I hear you. I, too, have memories here, including the baptism of two of my children and my nephew. No campaign can take away these faithful memories and no campaign should be a threat to them. Rather, our campaign will seek to bring amplification and not anxiety to what we hold dear. The holiness of beauty will give expression to the beauty of holiness. Our discernment forward will ensure that St Timothy’s is not simply a point in someone’s past, but the promise of pilgrimage for all those who are seeking the good, the true, and the beautiful, for all those seeking the saving love of Our Lord Jesus.

If we amplify adoration, we will not fail.
If we amplify communion, we will move beyond conflict.
If we amplify the transformation of the person, we’ll never have to worry about the purse.

I may be a little anxious, but I am not afraid.

This morning I talked to Tony Hamby in the office. He was telling me stories, which he loves to do and is good at it, about Wilson Carter grading near Drake Hall and other stories of how parishioners built the chapel. For Tony, the building of the chapel was an extraordinarily formative experience for him. I’m sure our forebears had plenty of anxieties of their own when they laid the foundations of this parish. Hearing folks like Tony share these memories some 60 years later made it very plain that owning those anxieties, pushing through them, and having a hand in creating and building this church was absolutely worth it.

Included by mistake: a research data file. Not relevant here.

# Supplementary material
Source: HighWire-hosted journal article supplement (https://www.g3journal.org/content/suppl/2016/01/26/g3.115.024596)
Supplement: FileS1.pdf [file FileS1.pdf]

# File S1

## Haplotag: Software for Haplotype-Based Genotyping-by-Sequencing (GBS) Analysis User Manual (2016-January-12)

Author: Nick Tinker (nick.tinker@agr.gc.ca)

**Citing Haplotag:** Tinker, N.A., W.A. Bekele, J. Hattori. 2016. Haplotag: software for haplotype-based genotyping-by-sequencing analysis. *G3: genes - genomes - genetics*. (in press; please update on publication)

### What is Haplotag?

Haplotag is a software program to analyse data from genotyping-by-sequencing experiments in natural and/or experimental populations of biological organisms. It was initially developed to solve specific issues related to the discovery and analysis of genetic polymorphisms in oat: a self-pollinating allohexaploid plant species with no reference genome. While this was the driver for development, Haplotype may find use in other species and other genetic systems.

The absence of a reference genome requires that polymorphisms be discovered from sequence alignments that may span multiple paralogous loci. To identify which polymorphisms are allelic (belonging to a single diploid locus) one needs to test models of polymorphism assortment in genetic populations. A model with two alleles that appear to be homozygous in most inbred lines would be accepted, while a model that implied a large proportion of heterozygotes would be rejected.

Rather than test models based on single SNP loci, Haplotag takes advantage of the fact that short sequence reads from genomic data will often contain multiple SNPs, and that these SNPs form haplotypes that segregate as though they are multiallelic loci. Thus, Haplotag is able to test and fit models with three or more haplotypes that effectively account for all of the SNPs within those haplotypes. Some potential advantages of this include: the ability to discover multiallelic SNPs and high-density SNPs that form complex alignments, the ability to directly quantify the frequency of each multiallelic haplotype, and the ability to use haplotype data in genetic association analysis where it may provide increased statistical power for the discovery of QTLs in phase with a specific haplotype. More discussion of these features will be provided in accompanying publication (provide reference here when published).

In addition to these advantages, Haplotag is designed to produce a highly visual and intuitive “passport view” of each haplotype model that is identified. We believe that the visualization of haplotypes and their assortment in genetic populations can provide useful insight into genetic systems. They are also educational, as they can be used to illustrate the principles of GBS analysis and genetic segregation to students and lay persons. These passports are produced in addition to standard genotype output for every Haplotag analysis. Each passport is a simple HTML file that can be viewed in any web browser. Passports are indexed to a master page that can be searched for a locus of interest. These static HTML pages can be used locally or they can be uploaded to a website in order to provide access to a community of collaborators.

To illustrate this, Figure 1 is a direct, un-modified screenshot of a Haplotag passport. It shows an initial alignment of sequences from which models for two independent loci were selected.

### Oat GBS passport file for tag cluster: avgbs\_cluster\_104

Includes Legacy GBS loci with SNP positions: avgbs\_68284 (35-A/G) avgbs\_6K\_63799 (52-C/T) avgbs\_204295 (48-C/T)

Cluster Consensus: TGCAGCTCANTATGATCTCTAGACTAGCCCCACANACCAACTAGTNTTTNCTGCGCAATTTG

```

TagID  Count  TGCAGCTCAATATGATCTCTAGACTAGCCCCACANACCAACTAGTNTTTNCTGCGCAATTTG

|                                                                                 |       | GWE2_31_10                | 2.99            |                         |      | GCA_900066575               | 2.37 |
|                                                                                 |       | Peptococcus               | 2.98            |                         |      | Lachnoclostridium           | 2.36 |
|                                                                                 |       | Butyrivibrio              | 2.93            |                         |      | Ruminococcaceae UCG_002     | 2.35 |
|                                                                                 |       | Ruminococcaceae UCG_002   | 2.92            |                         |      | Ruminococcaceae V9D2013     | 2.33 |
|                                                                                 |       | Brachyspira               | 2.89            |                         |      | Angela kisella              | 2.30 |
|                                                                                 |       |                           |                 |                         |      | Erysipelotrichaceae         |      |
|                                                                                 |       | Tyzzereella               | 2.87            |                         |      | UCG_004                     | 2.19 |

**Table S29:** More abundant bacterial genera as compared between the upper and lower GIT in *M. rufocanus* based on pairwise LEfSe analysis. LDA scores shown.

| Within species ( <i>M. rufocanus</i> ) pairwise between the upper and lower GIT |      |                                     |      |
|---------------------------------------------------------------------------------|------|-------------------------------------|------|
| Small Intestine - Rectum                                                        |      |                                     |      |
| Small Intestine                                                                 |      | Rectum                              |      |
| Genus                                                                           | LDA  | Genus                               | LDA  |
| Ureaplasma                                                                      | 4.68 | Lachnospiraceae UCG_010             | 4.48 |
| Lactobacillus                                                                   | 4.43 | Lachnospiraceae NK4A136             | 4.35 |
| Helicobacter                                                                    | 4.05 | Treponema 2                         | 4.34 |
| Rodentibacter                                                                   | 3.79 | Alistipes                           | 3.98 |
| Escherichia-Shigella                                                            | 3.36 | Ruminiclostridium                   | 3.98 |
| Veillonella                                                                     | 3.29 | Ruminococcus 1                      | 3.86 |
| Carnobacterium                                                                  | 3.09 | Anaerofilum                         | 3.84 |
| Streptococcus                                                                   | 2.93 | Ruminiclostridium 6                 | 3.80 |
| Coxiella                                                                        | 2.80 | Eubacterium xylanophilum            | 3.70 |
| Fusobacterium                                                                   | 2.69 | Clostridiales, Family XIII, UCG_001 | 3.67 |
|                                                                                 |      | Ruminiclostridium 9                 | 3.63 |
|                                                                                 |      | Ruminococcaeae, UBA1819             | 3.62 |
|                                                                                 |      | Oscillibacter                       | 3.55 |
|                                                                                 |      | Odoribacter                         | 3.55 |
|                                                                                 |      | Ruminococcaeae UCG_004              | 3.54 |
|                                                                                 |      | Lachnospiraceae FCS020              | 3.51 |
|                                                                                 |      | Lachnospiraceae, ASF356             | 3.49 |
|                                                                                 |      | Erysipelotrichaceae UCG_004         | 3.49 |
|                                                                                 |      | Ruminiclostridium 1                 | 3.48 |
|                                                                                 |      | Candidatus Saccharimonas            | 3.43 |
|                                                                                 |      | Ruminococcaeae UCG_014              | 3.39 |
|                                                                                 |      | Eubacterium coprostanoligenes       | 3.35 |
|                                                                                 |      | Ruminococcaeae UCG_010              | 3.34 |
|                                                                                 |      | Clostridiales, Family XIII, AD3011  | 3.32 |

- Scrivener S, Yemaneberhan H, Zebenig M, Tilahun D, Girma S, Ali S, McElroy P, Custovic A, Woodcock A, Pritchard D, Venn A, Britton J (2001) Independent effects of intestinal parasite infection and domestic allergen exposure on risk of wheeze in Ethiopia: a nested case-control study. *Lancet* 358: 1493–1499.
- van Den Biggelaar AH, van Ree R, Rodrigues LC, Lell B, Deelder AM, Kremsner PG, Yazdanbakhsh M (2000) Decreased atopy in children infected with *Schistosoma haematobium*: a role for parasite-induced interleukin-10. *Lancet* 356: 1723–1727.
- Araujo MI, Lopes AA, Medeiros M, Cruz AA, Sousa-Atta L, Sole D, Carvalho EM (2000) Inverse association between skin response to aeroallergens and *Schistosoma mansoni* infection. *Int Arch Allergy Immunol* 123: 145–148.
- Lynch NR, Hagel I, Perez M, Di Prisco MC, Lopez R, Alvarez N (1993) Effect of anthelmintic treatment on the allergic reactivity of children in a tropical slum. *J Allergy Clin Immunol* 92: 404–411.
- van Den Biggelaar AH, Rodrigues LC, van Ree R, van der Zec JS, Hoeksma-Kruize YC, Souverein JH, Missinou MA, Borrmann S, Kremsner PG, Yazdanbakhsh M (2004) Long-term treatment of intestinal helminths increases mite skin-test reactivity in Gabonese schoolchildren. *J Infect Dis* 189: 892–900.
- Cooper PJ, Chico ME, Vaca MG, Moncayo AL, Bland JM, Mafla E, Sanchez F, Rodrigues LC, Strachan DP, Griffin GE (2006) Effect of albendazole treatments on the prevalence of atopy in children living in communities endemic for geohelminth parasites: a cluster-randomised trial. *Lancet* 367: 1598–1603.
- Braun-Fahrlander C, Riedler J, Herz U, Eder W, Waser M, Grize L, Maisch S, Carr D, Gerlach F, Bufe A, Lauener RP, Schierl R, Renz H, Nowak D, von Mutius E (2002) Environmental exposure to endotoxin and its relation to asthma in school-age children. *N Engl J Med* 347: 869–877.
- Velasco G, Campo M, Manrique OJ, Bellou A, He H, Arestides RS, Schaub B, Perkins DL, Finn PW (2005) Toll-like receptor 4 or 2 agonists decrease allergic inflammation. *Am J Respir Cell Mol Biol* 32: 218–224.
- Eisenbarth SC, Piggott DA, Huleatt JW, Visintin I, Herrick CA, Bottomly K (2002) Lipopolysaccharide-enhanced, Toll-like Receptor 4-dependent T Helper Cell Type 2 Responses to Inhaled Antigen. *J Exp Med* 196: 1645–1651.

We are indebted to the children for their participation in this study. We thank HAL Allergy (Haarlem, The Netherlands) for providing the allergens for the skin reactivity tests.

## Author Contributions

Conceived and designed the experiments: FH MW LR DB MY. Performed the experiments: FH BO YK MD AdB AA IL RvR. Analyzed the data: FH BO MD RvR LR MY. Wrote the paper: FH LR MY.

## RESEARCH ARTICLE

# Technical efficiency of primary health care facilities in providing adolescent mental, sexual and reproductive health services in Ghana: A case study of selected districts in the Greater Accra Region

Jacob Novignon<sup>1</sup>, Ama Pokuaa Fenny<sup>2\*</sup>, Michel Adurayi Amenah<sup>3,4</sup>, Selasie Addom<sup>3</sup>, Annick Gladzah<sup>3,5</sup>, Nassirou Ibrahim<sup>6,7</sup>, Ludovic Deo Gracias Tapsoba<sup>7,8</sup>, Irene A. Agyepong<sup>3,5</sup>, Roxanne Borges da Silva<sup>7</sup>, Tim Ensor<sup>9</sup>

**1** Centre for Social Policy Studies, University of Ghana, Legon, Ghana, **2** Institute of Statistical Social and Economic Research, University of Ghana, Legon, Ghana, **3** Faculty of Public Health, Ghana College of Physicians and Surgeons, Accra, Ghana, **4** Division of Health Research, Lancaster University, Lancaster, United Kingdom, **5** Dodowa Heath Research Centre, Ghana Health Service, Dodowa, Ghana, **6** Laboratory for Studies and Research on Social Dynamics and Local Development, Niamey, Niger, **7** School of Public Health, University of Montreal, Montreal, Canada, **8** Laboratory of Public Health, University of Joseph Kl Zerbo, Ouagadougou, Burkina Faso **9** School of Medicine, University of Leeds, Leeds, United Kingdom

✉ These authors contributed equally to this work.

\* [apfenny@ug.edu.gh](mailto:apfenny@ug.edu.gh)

I trust the same will be for us and a new generation will have the joy and privilege of telling stories about building the latest phase in the life of this blessed parish.